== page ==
Net Zero Watch has blamed the government’s failed renewables priority as the main obstacle to solving Britain’s energy cost and security crisis and a return to healthy economic growth.
Due to its wind and solar energy policies the UK not only has very expensive electricity but is largely reliant on natural gas to guarantee security of supply, since gas is, with the exception of trace contributions of coal and a declining nuclear fleet, the only thermodynamically competent source. Natural gas also supplies the vast bulk of domestic and industrial heat, making the UK overall strikingly gas-dependent, a problem that was evident before the invasion of Ukraine but was exacerbated by it. This problem had been long-predicted by analysts critical of the renewables agenda.
The UK Office for Budget Responsibility’s most recent Fiscal Risks and Sustainability report (July 2023) notes the UK’s gas-dependence, but fails to understand that lack of fuel diversity is the product of climate change policies. It thus mistakenly concludes that the country should reduce its exposure to natural gas by investing still more heavily in renewable energy such as wind and solar, which are claimed to be cheaper than fossil fuels.
In fact, the data presented by the OBR on the levelized cost of wind and solar is known to be mistaken. It is contradicted by the audited financial statements of wind and solar companies which demonstrate that CAPEX and OPEX for these sources remains very high, and that in point of fact the energy generated is still very expensive.
When combined with grid and system balancing costs, which are acknowledged but arguably understated by the OBR, the total cost to the consumer of wind and solar electricity makes electricity from natural gas look like a bargain – even at the higher gas prices currently prevailing, and very expensive as compared to the prices of natural gas that the OBR itself reports as likely in the coming decade.
While there are rational concerns about future spikes in natural gas, the best means of insulating UK consumers against such effects is not through more wind and solar, which will only prevent spikes by guaranteeing consistently high prices, but by ceasing to inhibit further exploration in the North Sea, and by lifting the unjustified moratorium preventing onshore fracking for natural gas.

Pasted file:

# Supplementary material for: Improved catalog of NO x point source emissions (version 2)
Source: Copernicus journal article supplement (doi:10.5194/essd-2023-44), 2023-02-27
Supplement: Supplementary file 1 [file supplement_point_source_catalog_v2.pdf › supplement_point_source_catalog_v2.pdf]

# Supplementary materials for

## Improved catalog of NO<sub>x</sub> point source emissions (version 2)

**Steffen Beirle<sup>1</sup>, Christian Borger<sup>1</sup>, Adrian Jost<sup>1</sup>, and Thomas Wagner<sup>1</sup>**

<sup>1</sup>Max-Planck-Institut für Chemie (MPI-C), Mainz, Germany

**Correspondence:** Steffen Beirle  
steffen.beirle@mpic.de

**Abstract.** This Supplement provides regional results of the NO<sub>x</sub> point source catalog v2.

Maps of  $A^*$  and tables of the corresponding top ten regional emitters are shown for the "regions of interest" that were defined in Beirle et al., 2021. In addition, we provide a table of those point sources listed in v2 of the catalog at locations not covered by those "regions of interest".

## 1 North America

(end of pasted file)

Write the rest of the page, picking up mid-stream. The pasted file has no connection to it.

This policy can and should be combined with the government’s new enthusiasm for nuclear power (See the Department’s statement: “British nuclear revival to move towards energy independence”). But once again the current renewables policies stand in the way. The prioritisation of renewables form a significant obstacle to attracting private investment to support new nuclear electricity generation, since the heavily subsidised and policy-privileged position of both wind and solar poisons the market for viable alternative technologies such as nuclear.
Dr John Constable, NZW’s Energy Director, said:
Ignorant policy support for wind and solar has resulted in over-dependence on imported natural gas. To remedy this, government must abandon wind and solar, and put the UK’s energy supply back on a thermodynamically sound footing by permitting further exploration for gas (and oil) in the North Sea as well as onshore through hydraulic fracturing.
Admitting the renewables error would also remove the main obstacle to private investment in nuclear which is not the technology risk of nuclear itself, but the market risk arising from strong distortions irrationally favouring renewables. A gas to nuclear strategy remains the best, indeed the only viable way to secure energy supply and support economic growth.”